WINGING IT — Women’s Army Corps members pose in front of a military aircraft. They are, from left, Lt. Beatrice M. Hutton of Elizabeth, N.J.; Pvt. Famitta Wilson of San Francisco, Calif.; Pvt. Mary P. McGuire (later Doyle) of Altoona, PA; Pvt. Sue Selepes of Bridgeport, N.Y.; and Pvt. Vera Coelho of Bristol, R.I. Mary McGuire is wearing her engagement ring, and a bracelet sent by her fiance from his base in the Philippines. The WACs are standing in front of a P-39 Airacobra during a visit to the Niagara Falls plant of the Bell Aircraft Corporation in August 1944. (Photo courtesy Jane Doyle and Rome Historical Society)

WACs served at Rome Army Depot in WWII

Published Sep 10, 2017 at 9:00am

About 150,000 women served in the Women’s Army Corps (WAC) during World War II, including many at the former Griffiss Air Force Base -- then known as the Rome Army Depot.

Among them was the late Mary P. McGuire Doyle, of Altoona, Penn. Doyle passed away in 2009, at the age of 93, and her family recently donated her old WAC photos to the Rome Historical Society.

The Women’s Army Corps (WAC) was created in 1942 as the women’s branch of the U.S. Army. The WAC was disbanded in 1978, and its units were integrated with male units.

Doyle joined the WACs shortly after Pearl Harbor was attacked, according to her daughter, Jane Doyle, of Altoona, Penn.

Jane Doyle said her mother was set to travel to Butte, Montana, to become engaged over Christmas 1941 to her fiancée Joseph P. Doyle (also from Altoona but working in Butte) when Pearl Harbor was attacked on Dec. 7, 1941. Within a week Joseph Doyle was shipped to Camp Roberts in California for deployment to the Philippines. He mailed the engagement ring to his girlfriend before leaving Butte.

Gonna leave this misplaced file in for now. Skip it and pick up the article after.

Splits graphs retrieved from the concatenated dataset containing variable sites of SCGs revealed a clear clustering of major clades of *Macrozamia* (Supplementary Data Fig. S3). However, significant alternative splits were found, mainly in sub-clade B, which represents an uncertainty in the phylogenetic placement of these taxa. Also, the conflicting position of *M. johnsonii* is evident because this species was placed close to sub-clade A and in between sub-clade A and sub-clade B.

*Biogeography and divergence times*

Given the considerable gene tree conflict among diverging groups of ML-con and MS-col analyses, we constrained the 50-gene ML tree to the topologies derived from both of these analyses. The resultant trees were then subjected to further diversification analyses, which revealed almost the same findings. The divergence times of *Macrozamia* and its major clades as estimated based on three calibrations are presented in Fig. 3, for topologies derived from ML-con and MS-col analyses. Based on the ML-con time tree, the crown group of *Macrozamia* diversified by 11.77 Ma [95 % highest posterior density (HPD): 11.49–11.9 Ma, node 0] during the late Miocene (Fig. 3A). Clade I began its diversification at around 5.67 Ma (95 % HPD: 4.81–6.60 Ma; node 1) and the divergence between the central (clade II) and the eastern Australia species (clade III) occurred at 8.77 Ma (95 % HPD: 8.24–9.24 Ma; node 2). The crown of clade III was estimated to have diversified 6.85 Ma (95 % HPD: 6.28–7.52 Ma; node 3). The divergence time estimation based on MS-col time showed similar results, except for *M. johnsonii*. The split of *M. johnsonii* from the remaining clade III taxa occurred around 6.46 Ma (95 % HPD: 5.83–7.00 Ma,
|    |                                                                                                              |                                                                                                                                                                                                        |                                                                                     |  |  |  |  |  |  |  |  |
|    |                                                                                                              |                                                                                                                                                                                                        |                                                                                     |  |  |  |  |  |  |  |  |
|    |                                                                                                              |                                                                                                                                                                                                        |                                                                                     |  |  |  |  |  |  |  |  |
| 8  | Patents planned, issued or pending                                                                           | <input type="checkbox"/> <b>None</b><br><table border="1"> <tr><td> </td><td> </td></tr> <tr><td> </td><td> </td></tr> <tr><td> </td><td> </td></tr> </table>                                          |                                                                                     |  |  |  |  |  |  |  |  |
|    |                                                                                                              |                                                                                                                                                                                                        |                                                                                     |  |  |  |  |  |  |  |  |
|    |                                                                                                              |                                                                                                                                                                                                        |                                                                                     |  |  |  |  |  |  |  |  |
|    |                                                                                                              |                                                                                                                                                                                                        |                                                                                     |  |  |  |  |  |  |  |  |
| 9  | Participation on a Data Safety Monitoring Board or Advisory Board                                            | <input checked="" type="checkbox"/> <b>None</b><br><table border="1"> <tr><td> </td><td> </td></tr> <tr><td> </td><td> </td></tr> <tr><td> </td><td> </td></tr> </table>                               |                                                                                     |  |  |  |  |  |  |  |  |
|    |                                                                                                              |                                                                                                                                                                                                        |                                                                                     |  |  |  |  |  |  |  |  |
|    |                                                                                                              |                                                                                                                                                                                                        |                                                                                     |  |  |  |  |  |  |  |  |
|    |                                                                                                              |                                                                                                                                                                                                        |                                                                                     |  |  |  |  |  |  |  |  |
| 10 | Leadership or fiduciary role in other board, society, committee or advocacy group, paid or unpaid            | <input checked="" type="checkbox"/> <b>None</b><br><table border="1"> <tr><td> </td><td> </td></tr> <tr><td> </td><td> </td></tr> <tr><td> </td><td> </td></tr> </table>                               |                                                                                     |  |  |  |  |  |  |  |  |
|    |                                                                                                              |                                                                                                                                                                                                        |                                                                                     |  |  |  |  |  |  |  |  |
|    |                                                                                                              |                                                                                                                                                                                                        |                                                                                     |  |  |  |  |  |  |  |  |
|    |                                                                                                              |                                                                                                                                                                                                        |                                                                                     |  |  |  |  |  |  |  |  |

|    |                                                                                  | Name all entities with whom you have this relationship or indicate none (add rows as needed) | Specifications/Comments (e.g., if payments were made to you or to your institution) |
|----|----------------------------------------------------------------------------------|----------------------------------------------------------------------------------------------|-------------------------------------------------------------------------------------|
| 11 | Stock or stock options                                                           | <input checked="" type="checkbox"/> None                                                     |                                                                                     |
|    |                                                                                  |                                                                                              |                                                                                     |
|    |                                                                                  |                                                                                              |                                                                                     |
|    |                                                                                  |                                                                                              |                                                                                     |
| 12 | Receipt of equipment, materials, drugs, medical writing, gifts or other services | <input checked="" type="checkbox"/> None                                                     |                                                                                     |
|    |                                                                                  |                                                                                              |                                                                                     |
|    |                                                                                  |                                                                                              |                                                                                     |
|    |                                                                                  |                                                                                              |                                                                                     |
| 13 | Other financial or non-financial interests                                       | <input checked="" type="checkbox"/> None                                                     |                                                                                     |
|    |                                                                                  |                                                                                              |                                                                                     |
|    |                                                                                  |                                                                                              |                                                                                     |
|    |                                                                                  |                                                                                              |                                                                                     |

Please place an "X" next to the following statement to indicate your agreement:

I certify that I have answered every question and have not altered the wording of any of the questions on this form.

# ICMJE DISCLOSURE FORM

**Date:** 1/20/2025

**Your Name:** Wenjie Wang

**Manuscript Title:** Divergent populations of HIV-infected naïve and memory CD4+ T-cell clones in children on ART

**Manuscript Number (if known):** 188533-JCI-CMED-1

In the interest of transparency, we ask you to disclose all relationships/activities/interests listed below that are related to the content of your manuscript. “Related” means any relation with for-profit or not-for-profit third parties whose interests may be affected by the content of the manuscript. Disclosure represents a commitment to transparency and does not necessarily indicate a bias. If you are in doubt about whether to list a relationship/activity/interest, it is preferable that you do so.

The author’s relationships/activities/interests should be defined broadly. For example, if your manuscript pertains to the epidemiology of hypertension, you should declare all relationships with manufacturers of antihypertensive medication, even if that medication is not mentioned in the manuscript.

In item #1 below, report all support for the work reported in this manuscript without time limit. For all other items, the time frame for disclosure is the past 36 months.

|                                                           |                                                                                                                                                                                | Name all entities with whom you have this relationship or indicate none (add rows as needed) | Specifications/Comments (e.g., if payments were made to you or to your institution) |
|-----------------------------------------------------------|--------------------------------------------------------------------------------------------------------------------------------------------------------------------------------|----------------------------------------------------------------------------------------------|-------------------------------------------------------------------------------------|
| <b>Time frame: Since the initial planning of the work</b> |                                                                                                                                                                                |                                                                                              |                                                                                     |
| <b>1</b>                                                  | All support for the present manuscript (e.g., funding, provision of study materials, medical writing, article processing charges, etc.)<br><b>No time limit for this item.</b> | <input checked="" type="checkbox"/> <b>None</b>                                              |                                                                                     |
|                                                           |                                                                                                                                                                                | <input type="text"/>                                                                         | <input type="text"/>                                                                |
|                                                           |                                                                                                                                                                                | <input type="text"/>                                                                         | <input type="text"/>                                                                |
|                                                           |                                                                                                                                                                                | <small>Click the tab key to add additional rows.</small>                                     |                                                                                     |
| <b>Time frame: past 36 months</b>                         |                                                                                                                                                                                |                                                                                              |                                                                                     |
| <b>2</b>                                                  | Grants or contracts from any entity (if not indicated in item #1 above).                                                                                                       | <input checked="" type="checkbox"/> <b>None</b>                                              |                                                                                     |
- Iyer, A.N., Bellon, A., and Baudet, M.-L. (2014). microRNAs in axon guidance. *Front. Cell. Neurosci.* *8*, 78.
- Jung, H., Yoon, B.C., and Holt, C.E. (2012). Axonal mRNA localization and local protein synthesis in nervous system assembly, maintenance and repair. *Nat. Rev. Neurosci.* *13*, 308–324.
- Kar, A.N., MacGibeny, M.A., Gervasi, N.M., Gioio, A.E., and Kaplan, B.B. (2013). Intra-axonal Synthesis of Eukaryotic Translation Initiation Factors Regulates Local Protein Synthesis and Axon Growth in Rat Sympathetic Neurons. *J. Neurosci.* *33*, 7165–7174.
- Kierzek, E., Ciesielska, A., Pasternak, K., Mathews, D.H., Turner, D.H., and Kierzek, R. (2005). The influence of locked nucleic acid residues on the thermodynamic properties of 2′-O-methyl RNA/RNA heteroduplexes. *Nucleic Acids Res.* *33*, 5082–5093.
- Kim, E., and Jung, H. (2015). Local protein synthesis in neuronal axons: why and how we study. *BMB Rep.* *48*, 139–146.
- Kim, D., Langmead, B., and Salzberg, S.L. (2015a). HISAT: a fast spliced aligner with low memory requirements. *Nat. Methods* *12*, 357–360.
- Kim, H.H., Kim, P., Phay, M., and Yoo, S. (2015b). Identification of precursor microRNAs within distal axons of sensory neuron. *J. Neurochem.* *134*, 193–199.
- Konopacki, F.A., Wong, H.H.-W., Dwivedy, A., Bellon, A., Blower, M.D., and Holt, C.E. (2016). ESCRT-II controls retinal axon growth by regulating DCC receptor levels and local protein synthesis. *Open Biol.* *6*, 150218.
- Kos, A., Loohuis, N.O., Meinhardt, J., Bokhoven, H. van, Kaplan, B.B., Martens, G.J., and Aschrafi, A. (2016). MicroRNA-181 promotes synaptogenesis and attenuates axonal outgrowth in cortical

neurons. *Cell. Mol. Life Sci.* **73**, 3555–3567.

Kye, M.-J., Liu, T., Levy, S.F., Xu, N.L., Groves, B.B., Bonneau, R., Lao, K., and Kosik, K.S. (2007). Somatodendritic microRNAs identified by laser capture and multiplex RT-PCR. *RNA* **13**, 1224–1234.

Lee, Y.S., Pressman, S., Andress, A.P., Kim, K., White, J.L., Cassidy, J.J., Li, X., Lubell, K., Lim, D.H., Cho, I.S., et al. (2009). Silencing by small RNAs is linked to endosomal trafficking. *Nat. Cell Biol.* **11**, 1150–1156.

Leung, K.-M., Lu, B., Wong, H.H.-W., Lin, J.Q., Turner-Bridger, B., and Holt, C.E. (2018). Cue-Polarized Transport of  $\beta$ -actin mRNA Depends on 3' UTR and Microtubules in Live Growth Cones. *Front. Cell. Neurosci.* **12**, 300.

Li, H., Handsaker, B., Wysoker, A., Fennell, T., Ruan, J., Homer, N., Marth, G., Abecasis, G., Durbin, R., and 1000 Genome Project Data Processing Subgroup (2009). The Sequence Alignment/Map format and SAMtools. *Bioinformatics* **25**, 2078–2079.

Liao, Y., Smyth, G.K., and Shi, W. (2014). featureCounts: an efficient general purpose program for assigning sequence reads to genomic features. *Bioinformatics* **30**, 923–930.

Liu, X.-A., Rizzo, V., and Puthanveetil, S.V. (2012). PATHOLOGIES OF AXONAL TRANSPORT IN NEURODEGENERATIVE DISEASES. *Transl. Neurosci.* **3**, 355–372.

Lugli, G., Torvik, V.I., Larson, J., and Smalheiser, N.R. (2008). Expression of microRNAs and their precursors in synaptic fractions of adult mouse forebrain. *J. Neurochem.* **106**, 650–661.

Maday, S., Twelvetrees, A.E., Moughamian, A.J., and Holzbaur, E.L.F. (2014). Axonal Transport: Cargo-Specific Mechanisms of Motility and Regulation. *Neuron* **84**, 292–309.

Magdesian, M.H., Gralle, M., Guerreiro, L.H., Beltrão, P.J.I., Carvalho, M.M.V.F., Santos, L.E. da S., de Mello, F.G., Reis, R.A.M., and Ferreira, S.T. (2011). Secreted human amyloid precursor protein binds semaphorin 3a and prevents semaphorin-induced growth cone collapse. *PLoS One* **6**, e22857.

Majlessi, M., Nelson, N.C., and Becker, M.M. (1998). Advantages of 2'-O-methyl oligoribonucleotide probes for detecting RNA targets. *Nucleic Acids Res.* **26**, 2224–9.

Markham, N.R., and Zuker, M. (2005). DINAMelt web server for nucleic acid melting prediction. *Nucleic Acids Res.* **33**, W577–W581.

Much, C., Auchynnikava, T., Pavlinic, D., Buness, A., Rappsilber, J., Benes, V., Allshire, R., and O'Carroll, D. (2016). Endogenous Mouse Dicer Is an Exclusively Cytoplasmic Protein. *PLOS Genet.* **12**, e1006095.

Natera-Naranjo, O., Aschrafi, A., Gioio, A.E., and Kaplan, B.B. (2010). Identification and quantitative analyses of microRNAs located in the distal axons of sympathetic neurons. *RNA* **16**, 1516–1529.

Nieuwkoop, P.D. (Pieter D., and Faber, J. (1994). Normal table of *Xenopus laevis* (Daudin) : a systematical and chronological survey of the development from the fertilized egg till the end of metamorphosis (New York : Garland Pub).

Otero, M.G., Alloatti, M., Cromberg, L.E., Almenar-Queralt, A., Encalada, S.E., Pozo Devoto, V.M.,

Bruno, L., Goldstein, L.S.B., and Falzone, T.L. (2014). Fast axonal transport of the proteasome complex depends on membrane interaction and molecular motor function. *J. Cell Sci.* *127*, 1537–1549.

Her mother was employed by the city of Altoona, but “she felt she wanted to try to do something more,” Jane Doyle said. So she signed up for the WACs, did her basic training at Fort Ogelthorpe in Georgia, and “was assigned to Rome Army Depot … as an Army recruiter.” She and other members of the recruiting team travelled to Syracuse, New York City and elsewhere.

“Our mother’s story is very indicative of the sacrifices people made at that time,” Doyle said. Although engaged to be married, Doyle’s father left for the Philippines, and her mother “wanted to do something for the effort as well.”

Her parents’ story is “a microcosm” of some of the many stories of “unselfish and dedicated commitment to this country,” during the war, Jane Doyle said.

Doyle’s father rose to the rank of lieutenant, and represented his unit on the deck of the USS Missouri the day Japanese officials signed the surrender.

He “came home on a Liberty ship” and married her mother on Nov. 6, 1945, at the base chapel at Griffiss. The following week, her mother “mustered out at Fort Dix in New Jersey.”

Jane Doyle’s parents lived on the West Coast for a while, but eventually returned to Altoona. There, they raised four children and Doyle’s mother worked as a bookkeeper for a law firm. Unfortunately, Doyle’s father died at age 58 of a heart attack. Her mother continued to work, retiring finally at age 76.

After her death, her children decided to donate her old photos to the Rome Historical Society, Doyle said, because “We knew they were something special.”

The Society welcomes donations of old, historic photos. If anyone else would like to donate photos, they can call the Society at 315-336-5870, and someone will make copies of the photos and return the originals to the owner, while the owner waits.

Other Rome-area women served in the WAC, at Rome Army Depot or elsewhere. Among them were Betty Scheiderich of Lee, Marie Yanthis of Rome, and Dorothy Vedder of Sylvan Beach. Iris Barnes of Rome served as a Navy WAVE.

This column was written for the Rome Historical Society by Chip Twellman Haley, retired Daily Sentinel news editor, with photo supplied by the Doyle family and the society. Comments, old photos or suggestions for future columns may be emailed to: chiphaley@yahoo.com. Copies of the book “Rome Through Our History,” a collection of some of Haley’s columns, may be purchased at the Rome Historical Society.

The Rome Historical Society, 200 Church St., is open from 9 a.m. to 3 p.m. Tuesday through Friday, and from 10 a.m. to 2 p.m. Saturday. Go online atwww.romehistoricalsociety.org, visit their Facebook page, or call 336-5870 for more information.